Pence tries to sell health plan to nation's governors. "Help is on the way. We are going to give the American people access to the kind of world-class healthcare every American deserves," Pence said during a speech at the National Governors Association's summer meeting in Rhode Island Friday. "We believe the Senate healthcare bill begins to make the president's vision a reality." Pence touted the revised Senate healthcare bill, which faces an uncertain future amid wavering Republican support. "The Senate healthcare bill gives states the freedom to redesign your health insurance markets and most significantly, under this legislation, states across the country will have an unprecedented level of flexibility to reform Medicaid and bring better coverage, better care and better outcomes to the most vulnerable in your states," the vice president said. "This is your chance. The Senate healthcare bill restores Medicaid to its original purpose," Pence added. "I really believe, as the president does, that we're saving Medicaid."

John Kasich spokesman calls out Pence’s comments on Medicaid. Pence told the governors that "far too many able-bodied" adults were placed in Medicaid under Obamacare. "I know Gov. Kasich isn't with us, but I suspect that he's very troubled to know that in Ohio alone, nearly 60,000 disabled citizens are stuck on waiting lists, leaving them without the care they need for months of even years," Pence said. The vice president has been making a case for a Republican healthcare bill that would repeal parts of Obamacare, which would also make changes to Medicaid. Kasich spokesman John Keeling shared links about Pence's claim on Twitter and called it "#FakeNews."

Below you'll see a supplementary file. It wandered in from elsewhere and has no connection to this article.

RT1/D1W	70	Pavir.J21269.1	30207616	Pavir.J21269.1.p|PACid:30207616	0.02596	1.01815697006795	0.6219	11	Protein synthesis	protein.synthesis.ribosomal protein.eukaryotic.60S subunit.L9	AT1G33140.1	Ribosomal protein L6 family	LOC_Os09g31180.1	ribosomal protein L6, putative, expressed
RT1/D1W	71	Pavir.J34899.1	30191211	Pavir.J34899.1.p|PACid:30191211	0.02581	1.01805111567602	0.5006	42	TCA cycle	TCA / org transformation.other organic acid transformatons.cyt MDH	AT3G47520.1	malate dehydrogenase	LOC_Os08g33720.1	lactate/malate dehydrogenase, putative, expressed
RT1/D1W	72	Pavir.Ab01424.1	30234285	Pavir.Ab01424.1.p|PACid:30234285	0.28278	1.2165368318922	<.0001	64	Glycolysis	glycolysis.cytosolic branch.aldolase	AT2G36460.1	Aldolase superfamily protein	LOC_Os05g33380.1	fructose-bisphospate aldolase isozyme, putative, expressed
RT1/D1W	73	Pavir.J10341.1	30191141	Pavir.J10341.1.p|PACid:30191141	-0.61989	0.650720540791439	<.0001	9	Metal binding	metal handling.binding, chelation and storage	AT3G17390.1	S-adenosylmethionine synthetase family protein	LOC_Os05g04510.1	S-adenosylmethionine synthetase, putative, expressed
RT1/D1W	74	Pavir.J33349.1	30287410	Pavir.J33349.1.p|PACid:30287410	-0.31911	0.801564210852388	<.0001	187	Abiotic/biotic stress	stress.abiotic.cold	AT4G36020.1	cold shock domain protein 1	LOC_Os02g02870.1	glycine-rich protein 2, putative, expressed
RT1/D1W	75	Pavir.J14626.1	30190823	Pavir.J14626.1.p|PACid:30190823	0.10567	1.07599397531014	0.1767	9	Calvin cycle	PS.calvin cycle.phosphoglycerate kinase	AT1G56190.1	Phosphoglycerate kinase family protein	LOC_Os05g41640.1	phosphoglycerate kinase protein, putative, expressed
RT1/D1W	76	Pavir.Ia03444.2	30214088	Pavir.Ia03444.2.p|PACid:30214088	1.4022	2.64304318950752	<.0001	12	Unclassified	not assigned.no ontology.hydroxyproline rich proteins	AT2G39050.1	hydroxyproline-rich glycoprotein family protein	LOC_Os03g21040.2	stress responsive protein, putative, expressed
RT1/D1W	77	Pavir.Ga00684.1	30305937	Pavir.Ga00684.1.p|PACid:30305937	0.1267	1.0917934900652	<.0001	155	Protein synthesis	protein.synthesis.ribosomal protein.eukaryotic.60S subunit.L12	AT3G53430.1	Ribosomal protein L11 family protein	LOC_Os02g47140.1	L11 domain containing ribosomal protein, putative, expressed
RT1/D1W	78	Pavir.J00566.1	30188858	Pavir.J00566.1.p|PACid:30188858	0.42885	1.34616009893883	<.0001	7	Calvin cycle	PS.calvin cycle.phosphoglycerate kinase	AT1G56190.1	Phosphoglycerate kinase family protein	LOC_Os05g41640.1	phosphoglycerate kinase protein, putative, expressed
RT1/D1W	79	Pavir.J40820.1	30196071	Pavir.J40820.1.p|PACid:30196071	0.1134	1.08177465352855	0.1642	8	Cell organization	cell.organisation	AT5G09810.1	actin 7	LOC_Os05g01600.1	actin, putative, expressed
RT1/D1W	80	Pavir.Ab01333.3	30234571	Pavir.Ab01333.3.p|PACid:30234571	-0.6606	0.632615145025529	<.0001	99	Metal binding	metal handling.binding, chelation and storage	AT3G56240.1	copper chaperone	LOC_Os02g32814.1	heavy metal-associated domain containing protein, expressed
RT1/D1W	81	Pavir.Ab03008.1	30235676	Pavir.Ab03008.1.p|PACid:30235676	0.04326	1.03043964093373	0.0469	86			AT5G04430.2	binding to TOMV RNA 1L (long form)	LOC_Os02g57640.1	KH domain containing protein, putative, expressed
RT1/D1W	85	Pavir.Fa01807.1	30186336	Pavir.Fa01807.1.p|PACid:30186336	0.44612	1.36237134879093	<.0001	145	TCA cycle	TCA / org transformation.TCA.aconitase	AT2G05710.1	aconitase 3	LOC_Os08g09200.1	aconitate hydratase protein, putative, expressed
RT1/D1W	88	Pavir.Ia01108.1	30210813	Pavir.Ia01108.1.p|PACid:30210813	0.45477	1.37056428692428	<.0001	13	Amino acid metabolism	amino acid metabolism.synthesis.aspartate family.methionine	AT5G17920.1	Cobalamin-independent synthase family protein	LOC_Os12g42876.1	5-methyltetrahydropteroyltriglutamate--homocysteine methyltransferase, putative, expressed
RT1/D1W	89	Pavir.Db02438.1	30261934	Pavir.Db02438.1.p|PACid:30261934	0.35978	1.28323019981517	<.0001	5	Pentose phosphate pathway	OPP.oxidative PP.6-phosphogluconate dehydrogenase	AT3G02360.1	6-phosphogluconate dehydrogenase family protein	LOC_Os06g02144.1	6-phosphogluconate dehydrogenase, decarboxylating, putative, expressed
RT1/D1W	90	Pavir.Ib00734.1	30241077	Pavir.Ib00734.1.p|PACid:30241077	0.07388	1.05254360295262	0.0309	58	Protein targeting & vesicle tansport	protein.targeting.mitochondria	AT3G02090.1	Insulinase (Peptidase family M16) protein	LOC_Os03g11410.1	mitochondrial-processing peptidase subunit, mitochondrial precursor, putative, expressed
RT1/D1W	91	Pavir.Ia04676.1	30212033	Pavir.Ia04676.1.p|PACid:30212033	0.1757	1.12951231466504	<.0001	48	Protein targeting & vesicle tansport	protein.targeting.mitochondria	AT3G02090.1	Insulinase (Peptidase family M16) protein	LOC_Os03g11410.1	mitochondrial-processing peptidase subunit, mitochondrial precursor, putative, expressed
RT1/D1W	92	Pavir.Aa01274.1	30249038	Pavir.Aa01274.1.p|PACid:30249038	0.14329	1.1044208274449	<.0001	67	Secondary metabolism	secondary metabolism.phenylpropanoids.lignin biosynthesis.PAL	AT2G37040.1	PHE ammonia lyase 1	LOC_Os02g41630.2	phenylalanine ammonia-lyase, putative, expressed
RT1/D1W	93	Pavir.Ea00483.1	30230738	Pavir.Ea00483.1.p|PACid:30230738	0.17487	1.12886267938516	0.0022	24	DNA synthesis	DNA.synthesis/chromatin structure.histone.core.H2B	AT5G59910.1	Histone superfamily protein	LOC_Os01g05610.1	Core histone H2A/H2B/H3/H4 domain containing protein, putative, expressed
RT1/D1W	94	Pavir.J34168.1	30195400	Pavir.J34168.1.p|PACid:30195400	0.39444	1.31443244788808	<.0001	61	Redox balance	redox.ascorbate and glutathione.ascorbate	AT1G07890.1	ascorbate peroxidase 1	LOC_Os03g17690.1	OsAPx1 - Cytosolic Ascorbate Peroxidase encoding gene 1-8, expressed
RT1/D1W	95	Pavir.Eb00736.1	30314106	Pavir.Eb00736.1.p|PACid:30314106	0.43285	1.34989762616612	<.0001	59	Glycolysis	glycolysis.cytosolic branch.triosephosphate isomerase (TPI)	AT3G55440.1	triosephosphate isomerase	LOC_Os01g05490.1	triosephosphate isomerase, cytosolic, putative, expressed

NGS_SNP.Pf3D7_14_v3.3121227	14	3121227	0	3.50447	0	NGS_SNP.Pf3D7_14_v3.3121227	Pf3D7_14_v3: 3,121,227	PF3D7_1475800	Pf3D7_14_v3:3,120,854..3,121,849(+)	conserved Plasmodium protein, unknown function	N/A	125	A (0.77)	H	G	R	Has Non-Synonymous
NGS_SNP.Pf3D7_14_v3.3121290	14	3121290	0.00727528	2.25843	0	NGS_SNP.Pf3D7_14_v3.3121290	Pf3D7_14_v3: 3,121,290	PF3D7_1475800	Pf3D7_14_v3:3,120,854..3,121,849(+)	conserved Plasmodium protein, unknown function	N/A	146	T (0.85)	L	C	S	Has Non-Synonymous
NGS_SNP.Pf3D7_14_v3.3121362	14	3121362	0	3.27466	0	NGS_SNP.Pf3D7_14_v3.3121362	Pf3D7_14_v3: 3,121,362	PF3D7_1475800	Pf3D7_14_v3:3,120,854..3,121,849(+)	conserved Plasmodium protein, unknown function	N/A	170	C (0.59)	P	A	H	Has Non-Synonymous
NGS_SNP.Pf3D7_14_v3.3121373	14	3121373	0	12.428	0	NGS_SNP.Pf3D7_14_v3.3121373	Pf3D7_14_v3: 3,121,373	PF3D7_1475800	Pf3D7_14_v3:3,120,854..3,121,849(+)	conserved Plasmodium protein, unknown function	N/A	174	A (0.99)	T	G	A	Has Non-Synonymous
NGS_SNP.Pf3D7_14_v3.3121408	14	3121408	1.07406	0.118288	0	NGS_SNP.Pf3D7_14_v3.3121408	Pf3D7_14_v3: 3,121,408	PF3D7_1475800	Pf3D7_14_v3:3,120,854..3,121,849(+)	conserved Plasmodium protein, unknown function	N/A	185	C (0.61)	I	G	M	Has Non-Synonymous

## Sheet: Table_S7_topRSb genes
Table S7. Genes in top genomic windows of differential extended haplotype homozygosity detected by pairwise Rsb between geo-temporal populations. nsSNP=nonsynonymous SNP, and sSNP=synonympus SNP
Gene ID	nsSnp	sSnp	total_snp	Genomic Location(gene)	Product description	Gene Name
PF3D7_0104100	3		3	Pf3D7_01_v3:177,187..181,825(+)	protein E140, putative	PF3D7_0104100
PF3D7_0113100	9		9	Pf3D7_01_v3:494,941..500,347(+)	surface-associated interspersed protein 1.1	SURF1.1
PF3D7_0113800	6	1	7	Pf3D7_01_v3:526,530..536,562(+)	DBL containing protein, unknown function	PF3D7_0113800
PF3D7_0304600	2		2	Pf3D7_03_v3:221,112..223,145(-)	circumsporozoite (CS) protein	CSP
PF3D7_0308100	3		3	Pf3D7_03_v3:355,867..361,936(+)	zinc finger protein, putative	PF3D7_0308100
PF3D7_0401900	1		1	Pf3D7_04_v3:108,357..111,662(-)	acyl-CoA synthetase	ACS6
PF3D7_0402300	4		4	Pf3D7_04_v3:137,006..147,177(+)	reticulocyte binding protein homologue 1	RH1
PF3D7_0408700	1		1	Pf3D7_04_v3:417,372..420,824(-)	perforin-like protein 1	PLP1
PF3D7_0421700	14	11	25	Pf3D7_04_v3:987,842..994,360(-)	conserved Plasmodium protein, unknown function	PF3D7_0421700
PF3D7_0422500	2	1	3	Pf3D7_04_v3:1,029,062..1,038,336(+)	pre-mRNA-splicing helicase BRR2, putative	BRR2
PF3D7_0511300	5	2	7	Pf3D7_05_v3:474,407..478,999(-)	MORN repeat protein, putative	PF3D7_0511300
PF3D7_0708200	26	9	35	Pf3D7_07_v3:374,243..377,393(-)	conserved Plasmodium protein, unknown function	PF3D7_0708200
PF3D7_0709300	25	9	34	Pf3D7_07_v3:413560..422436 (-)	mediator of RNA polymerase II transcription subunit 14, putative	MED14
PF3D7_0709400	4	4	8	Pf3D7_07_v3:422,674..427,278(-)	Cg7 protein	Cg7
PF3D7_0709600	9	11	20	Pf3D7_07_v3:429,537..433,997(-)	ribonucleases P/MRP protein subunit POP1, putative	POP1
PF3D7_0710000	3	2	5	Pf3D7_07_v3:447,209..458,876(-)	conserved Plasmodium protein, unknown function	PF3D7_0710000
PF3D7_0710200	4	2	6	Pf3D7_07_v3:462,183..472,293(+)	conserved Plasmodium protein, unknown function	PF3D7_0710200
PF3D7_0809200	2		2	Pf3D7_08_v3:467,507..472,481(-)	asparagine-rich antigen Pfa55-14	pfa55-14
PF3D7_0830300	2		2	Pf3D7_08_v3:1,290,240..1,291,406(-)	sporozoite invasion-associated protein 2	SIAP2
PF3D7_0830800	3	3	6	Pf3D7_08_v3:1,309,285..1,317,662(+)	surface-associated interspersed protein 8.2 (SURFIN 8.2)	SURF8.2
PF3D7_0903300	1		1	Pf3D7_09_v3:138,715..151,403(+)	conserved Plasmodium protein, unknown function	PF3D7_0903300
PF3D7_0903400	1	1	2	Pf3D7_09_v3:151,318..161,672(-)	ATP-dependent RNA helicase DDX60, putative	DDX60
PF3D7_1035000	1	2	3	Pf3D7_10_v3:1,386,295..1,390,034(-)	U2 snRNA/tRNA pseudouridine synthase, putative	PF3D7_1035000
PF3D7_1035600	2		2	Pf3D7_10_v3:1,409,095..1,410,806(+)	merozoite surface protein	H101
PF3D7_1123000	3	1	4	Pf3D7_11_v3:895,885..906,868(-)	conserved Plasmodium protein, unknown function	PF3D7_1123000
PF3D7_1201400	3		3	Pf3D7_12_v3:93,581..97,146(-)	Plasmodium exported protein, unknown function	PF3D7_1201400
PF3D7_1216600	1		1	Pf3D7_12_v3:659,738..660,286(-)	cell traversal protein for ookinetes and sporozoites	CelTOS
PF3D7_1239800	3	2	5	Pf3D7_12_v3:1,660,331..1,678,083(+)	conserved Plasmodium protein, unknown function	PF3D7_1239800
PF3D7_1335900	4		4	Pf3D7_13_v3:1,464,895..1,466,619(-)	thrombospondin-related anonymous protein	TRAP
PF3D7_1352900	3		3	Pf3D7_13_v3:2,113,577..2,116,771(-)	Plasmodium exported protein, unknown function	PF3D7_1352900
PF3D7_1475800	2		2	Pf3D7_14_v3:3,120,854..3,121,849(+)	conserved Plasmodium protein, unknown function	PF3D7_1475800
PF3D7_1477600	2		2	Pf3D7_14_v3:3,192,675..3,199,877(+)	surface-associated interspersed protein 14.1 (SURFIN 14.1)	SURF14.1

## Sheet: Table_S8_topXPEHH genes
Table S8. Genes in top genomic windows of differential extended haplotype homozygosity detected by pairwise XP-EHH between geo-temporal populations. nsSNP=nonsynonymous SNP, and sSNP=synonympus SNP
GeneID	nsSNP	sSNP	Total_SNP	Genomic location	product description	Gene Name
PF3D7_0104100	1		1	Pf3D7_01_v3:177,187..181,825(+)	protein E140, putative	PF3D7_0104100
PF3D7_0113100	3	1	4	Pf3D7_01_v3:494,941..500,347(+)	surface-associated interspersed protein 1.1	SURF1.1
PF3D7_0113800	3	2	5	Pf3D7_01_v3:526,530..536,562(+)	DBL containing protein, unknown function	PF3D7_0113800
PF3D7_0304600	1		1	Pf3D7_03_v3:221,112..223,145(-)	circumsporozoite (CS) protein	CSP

Sen. Susan Collins breaks with Pence: Senate GOP's healthcare bill 'would affect the most vulnerable.' "This bill would impose fundamental sweeping changes in the Medicaid program and those include very deep cuts. That would affect some of the most vulnerable in our society, including disabled children, poor seniors. It would affect our rural hospitals and nursing homes, and they would have a very difficult time even staying in existence," she said on CNN's "State of the Union." "You can't take more than $700 billion out of the Medicaid program and not think that it's going to have some kind of effect.” She added that eight to 10 Republican senators have "serious" concerns about their party's bill and she doesn't know whether it will pass. "I do know this: We should not be making fundamental changes in a vital safety net program that's been on the books for 50 years … without evaluating what the consequences will be," Collins said.